This week, Jennifer and I have been super busy preparing for Show of Hands in Chicago. We’ll be there at the Isette booth (come visit if you’re local) and will be selling Jennifer’s work from Isette and a I’ll have a selection of wooden products from Pixelaser. But because we’ve been so busy with prep, I haven’t had a chance to really prepare a project of our own this week. Thankfully, the folks at Eagle Engraving had some materials they wanted to test engraving on but have been too busy to process: fleece blankets.
Eagle provided two fleece blankets, one with a Maltese fire department emblem already engraved onto it, and a similar blank fleece blanket from a different provider. The Maltese example was allegedly laser engraved, so it stands to reason we should be able to recreate the look of it with our available laser power.
Since I was planning on keeping the fleece blanket I engraved, I wanted to choose a design more appropriate for me than a fire department Maltese. I chose the logo that appears at the end of Super Metroid, which came back up on my radar when I was engraving Super Metroid tool icons into magnets last week.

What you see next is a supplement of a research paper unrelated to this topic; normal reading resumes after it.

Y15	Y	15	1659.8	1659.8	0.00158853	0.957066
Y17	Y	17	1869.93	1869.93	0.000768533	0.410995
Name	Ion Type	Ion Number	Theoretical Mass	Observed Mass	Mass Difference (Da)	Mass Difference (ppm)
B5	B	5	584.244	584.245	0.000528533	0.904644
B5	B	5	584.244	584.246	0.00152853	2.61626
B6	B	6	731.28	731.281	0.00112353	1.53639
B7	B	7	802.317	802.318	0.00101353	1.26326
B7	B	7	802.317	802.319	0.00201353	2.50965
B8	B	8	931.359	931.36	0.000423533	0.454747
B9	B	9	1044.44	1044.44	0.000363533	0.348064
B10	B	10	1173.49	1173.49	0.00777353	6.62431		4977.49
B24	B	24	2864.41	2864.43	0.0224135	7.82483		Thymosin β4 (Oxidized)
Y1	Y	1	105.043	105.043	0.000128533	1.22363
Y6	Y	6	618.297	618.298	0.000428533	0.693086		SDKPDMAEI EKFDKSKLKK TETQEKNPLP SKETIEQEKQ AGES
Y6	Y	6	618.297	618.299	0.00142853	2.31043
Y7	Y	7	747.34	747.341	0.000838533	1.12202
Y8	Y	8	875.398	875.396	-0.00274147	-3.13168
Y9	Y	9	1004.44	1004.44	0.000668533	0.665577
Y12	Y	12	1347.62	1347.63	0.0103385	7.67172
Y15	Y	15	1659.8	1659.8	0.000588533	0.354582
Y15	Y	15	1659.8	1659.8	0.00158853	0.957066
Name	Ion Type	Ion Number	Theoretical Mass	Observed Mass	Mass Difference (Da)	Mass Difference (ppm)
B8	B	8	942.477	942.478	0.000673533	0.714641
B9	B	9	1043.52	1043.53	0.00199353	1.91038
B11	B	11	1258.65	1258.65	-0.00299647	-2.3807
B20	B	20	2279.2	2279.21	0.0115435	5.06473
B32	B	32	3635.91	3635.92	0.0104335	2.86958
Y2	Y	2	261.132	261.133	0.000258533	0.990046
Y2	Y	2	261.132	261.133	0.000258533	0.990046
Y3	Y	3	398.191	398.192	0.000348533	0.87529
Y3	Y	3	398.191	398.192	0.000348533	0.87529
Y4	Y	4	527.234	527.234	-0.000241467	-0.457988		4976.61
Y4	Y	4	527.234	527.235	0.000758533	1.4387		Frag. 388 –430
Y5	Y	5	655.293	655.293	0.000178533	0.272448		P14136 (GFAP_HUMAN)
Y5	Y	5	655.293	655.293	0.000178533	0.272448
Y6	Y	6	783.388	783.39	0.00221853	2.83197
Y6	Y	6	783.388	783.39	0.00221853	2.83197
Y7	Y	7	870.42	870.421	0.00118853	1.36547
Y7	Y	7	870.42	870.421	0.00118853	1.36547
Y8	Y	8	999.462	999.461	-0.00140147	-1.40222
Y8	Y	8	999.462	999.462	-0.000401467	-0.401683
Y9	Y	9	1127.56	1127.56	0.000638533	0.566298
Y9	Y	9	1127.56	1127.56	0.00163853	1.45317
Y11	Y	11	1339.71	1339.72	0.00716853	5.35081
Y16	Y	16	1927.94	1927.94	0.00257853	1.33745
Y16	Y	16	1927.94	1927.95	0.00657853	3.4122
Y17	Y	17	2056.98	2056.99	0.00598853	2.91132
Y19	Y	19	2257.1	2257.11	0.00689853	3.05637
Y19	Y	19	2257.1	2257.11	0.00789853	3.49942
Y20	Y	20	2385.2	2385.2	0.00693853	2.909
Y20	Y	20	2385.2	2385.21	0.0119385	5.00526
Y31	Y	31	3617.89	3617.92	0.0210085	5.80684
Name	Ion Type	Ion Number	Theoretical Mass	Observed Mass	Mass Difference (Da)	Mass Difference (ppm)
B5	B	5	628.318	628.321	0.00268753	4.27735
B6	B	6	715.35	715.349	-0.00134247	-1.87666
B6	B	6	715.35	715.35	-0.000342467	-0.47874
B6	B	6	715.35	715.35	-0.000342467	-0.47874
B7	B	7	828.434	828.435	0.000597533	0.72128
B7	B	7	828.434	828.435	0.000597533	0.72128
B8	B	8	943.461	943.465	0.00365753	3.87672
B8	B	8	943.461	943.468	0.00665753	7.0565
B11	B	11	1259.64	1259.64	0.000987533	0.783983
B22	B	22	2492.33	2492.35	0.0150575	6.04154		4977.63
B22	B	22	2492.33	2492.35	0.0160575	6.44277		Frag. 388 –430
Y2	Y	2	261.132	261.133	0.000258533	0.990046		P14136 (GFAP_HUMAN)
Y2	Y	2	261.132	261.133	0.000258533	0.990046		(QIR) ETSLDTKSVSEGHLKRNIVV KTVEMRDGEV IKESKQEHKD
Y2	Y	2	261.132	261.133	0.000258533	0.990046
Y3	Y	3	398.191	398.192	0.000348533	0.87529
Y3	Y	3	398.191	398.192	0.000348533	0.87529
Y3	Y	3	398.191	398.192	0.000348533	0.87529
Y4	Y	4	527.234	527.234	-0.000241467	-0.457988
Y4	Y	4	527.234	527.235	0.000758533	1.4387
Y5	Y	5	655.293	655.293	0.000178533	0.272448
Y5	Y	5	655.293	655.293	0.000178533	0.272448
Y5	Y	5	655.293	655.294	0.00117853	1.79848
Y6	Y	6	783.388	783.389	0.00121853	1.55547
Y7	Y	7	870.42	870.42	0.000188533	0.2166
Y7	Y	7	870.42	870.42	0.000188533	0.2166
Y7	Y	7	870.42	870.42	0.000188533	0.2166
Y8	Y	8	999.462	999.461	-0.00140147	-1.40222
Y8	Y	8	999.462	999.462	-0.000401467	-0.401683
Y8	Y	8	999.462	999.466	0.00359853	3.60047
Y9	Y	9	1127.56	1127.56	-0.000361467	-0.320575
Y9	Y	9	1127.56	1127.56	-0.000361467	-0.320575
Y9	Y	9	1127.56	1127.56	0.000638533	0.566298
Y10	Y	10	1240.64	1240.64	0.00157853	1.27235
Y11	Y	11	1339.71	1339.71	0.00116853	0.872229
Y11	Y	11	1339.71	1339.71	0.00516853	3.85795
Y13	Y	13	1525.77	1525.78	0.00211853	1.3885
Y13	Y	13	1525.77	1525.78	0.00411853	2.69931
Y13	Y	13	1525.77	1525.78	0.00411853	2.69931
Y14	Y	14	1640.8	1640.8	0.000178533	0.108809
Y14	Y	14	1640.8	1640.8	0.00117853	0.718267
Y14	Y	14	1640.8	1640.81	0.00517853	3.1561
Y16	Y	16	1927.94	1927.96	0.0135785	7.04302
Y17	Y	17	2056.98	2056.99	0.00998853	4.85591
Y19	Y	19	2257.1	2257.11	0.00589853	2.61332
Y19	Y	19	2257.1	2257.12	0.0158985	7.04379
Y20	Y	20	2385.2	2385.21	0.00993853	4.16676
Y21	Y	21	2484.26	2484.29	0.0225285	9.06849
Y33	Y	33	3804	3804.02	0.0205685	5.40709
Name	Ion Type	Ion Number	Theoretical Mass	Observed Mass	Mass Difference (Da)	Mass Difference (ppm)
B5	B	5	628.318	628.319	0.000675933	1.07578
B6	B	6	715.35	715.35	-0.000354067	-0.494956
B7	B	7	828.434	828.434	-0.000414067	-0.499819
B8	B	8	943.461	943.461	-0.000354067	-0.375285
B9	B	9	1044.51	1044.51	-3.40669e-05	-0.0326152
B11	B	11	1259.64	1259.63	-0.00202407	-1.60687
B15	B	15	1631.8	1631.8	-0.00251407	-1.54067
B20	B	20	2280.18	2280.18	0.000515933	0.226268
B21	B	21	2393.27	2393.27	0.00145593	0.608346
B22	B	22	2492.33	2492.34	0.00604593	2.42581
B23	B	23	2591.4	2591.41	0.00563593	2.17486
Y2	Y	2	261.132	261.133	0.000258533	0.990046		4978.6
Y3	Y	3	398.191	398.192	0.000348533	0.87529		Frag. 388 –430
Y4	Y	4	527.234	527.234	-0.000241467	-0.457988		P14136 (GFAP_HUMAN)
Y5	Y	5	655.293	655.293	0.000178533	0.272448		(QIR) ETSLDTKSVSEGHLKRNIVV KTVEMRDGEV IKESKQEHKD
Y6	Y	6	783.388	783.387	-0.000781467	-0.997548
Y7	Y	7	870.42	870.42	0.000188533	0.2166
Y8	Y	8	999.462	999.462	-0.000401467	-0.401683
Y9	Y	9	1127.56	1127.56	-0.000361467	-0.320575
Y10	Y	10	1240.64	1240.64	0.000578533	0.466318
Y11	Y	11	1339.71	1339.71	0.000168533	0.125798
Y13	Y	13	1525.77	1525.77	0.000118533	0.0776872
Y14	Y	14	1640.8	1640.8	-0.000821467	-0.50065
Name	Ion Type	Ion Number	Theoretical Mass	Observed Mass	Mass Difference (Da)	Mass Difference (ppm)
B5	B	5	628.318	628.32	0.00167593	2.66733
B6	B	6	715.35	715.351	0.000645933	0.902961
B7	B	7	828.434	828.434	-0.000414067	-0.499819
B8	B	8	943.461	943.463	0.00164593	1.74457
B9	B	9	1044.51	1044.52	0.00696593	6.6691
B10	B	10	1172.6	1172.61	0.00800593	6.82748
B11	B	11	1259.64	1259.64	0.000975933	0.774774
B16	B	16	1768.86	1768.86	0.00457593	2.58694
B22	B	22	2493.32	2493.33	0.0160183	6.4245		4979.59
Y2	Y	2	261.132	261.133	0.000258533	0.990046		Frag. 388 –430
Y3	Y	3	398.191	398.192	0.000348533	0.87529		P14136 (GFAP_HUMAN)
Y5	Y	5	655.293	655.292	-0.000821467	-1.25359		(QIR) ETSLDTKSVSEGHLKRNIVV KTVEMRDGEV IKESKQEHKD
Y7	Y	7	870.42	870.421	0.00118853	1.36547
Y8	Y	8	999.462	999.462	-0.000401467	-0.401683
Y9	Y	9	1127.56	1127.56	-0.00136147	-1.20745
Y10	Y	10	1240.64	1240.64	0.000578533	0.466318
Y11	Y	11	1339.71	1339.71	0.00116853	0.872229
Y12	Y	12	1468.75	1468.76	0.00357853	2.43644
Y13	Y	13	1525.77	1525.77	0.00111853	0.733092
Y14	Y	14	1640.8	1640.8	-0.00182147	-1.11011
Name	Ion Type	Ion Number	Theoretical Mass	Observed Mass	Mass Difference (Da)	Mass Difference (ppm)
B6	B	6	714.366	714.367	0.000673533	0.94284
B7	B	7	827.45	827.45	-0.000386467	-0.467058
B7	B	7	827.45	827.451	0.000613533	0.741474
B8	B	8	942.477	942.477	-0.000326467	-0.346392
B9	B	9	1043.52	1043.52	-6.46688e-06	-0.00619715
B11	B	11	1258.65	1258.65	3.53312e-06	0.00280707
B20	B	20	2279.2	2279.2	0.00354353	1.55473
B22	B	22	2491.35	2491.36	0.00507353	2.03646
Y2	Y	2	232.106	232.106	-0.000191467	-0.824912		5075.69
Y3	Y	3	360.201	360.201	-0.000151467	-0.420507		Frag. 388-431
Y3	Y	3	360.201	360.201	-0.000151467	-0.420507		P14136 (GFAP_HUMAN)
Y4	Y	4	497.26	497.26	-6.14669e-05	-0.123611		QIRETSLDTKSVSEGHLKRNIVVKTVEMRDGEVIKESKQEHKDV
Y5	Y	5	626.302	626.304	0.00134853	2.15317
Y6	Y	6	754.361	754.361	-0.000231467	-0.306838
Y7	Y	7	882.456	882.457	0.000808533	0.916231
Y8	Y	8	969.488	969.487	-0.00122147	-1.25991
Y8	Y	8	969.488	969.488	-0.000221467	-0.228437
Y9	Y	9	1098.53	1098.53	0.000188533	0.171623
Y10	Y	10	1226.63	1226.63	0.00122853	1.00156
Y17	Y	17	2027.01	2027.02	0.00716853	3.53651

I don’t spend a lot of time engraving fabrics, but I knew fleece wouldn’t require that much power to engrave. This was good, because I was asked to determine how quickly the material can be engraved—to keep costs down should it be a product in the future. With this in mind, I started by setting my raster engraving density to its lowest setting, which meant that the laser would be leaving quite a bit of space between each raster-engraved horizontal line. I assumed this would be fine because of the material’s sparse fibers. Then I set the laser power setting to only 10% (my laser is 40w, for reference).
I then had to make sure I folded the blanket very evenly so that it would fit in the laser bed and retain a flat surface. Even at low powers, I was worried about the engraving issues having an uneven surface would cause, so while getting out all of the little folds and lumps took some time, it was time well spent.
A quick test engraving in an inconspicuous area let me know that this was too low, so I gave it another test at 35%, which resulted in an engraving very similar to the one featured on the Maltese blanket. One full size, 12″ square engraving later, and I now have my Super Metroid fleece blanket, just in time for Summer. Hah!